SUGGESTED ANSWERS AND SOLUTIONS
We are now living in a world where all the major economic functions, i.e., consumption, production, and investment, are highly globalized. It is thus essential for financial managers to fully understand vital international dimensions of financial management. This global shift is in marked contrast to a situation that existed when the authors of this book were learning finance some twenty years ago. At that time, most professors customarily (and safely, to some extent) ignored international aspects of finance. This mode of operation has become untenable since then.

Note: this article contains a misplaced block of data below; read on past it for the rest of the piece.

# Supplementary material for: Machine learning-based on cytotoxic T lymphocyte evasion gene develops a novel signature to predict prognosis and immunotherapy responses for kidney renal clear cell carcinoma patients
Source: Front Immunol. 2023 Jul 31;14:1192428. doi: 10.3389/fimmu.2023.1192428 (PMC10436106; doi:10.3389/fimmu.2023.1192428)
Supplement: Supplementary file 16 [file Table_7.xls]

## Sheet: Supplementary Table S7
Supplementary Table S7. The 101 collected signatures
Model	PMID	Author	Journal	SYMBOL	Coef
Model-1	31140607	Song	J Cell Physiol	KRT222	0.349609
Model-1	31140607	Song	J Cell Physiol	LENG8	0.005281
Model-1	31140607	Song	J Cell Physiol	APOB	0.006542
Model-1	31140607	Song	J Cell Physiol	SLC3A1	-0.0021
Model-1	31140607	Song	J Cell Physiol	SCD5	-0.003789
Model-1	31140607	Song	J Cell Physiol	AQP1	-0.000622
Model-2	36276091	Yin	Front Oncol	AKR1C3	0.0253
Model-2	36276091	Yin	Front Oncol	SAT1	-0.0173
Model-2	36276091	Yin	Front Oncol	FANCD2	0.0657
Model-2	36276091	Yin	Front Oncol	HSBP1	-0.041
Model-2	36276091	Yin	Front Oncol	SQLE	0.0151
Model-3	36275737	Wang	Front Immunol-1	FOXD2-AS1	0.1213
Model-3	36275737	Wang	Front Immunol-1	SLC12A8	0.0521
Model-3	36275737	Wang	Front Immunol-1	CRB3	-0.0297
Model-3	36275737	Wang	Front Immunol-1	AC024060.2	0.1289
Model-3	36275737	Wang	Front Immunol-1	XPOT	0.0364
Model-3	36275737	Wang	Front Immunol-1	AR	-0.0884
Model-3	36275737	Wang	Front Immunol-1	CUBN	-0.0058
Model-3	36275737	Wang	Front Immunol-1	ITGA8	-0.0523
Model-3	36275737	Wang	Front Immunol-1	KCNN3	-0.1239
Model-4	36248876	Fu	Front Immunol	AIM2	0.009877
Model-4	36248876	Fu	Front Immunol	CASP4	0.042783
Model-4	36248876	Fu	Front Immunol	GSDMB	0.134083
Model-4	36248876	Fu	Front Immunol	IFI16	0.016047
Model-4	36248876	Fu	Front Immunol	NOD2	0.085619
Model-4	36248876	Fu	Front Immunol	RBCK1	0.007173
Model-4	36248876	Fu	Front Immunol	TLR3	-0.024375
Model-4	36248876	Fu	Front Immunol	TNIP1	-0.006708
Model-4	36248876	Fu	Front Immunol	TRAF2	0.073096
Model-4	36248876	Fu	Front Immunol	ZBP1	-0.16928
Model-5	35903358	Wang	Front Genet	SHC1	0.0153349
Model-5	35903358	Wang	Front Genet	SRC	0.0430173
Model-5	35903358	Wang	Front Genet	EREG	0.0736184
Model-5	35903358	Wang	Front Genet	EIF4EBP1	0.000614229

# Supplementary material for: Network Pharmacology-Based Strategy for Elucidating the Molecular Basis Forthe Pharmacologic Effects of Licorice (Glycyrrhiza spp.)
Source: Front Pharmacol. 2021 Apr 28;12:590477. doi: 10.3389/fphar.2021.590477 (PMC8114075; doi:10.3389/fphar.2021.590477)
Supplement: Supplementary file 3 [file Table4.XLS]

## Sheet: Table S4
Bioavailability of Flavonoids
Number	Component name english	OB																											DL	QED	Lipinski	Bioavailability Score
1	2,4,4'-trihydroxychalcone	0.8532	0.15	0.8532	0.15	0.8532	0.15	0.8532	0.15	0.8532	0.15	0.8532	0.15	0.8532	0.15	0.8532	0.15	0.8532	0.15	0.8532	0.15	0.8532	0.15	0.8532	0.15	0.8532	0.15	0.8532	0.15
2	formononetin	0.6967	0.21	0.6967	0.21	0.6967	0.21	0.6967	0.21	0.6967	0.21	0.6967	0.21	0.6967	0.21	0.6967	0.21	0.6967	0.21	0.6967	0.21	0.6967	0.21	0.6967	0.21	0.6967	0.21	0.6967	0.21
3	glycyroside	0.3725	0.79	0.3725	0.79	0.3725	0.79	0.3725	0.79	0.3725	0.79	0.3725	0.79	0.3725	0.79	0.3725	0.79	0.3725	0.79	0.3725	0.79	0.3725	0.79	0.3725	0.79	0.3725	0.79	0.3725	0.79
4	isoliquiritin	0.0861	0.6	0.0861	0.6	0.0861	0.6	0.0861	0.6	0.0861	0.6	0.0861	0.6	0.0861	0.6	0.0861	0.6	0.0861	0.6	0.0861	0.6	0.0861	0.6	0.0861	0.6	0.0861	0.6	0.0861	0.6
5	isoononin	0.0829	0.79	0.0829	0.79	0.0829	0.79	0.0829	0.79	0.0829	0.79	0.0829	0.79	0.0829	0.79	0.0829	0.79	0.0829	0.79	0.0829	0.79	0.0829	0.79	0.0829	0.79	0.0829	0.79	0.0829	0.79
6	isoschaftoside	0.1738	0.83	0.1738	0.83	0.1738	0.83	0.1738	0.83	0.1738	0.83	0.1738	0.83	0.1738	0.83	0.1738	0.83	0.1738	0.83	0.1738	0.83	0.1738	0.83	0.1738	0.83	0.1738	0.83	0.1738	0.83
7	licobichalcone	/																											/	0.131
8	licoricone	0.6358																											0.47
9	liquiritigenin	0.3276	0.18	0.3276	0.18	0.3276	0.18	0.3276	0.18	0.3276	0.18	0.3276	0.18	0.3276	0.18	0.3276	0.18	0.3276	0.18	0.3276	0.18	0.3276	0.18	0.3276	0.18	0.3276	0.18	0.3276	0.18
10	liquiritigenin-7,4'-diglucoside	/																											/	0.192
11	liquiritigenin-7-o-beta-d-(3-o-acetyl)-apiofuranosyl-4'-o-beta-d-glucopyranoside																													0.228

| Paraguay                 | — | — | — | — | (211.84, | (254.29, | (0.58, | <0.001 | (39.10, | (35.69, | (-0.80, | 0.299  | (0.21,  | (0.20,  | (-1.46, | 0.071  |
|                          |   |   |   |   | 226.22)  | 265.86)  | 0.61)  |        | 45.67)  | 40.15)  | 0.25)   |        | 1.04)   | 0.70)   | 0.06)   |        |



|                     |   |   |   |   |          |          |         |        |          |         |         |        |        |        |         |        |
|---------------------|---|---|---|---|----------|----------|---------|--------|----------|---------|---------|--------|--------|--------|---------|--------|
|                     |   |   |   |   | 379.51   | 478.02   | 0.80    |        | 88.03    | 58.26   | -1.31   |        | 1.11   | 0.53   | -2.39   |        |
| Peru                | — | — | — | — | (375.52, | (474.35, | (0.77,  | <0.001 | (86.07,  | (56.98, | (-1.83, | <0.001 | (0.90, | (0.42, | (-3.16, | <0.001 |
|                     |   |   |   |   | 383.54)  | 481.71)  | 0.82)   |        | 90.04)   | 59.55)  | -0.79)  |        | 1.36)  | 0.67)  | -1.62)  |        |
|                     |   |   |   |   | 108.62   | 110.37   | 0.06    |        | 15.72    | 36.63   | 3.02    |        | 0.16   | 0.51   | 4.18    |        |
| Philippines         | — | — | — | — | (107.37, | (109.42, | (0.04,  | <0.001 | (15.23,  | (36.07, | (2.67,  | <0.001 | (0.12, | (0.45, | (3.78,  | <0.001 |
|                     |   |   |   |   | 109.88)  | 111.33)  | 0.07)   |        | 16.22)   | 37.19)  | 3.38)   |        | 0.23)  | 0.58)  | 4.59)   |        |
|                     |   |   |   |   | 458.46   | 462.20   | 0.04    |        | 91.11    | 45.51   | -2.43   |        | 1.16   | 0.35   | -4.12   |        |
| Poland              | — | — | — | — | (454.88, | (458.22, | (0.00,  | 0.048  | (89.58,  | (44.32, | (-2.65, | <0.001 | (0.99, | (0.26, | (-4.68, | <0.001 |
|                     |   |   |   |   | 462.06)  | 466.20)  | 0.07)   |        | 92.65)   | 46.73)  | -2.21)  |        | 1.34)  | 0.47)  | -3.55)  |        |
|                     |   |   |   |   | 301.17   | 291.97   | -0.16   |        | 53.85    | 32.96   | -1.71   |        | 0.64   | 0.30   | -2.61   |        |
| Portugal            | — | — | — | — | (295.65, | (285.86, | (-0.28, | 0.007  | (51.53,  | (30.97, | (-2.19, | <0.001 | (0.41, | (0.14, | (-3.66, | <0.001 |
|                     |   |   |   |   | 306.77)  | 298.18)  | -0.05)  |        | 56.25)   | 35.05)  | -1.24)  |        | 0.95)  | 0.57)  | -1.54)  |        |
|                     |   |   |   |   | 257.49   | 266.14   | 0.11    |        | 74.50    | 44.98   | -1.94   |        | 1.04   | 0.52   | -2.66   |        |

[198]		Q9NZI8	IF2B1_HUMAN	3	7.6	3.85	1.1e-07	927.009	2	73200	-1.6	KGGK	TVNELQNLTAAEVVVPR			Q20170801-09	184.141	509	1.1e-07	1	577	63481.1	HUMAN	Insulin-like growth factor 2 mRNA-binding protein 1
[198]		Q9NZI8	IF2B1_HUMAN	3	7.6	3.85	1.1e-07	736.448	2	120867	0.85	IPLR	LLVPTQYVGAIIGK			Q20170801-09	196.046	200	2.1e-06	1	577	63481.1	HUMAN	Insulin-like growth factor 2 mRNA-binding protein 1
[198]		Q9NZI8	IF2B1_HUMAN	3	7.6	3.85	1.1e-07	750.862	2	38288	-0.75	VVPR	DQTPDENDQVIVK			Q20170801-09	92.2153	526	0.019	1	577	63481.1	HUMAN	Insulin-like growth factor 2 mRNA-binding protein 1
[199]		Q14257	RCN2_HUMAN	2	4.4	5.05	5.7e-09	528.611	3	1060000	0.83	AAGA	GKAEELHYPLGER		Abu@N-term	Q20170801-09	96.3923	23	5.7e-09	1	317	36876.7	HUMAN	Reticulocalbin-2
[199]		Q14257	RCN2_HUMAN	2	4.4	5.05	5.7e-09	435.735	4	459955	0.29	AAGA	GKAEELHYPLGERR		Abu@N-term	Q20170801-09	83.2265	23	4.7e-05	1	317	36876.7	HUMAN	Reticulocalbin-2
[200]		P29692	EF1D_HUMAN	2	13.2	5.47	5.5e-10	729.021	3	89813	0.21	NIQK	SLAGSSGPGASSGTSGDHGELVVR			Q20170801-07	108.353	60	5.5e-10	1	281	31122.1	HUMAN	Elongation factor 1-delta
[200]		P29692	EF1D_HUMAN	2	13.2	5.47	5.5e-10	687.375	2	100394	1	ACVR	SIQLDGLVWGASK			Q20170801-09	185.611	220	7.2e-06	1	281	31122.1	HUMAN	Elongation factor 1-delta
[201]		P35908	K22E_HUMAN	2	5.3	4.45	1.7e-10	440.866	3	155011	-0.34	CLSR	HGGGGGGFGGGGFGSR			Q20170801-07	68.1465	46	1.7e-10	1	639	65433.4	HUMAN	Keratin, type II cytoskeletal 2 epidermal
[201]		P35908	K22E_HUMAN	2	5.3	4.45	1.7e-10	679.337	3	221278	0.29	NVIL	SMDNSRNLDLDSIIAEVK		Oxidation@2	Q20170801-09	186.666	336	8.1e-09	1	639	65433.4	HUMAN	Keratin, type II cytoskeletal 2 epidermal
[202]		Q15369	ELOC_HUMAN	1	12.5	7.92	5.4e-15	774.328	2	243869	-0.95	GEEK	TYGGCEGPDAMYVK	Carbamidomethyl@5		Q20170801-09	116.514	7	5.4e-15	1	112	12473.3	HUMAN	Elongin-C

Discuss the three major trends that have prevailed in international business during the last two decades. Answer: The 1980s brought a rapid integration of international capital and financial markets. Impetus for globalized financial markets initially came from the governments of major countries that had begun to deregulate their foreign exchange and capital markets. The economic integration and globalization that began in the eighties is picking up speed in the 1990s via privatization. Privatization is the process by which a country divests itself of the ownership and operation of a business venture by turning it over to the free market system. Lastly, trade liberalization and economic integration continued to proceed at both the regional and global levels. 4. How is a country’s economic well-being enhanced through free international trade in goods and services? Answer: According to David Ricardo, with free international trade, it is mutually beneficial for two countries to each specialize in the production of the goods that it can produce relatively most efficiently and then trade those goods. By doing so, the two countries can increase their combined production, which allows both countries to consume more of both goods. This argument remains valid even if a country can produce both goods more efficiently than the other country. International trade is not a ‘zero-sum’ game in which one country benefits at the expense of another country. Rather, international trade could be an ‘increasing-sum’ game at which all players become winners. 5. What considerations might limit the extent to which the theory of comparative advantage is realistic? Answer: The theory of comparative advantage was originally advanced by the nineteenth century economist David Ricardo as an explanation for why nations trade with one another. The theory claims that economic well-being is enhanced if each country’s citizens produce what they have a comparative advantage in producing relative to the citizens of other countries, and then trade products. Underlying the theory are the assumptions of free trade between nations and that the factors of production (land, buildings, labor, technology, and capital) are relatively immobile. To the extent that these assumptions do not hold, the theory of comparative advantage will not realistically describe international trade.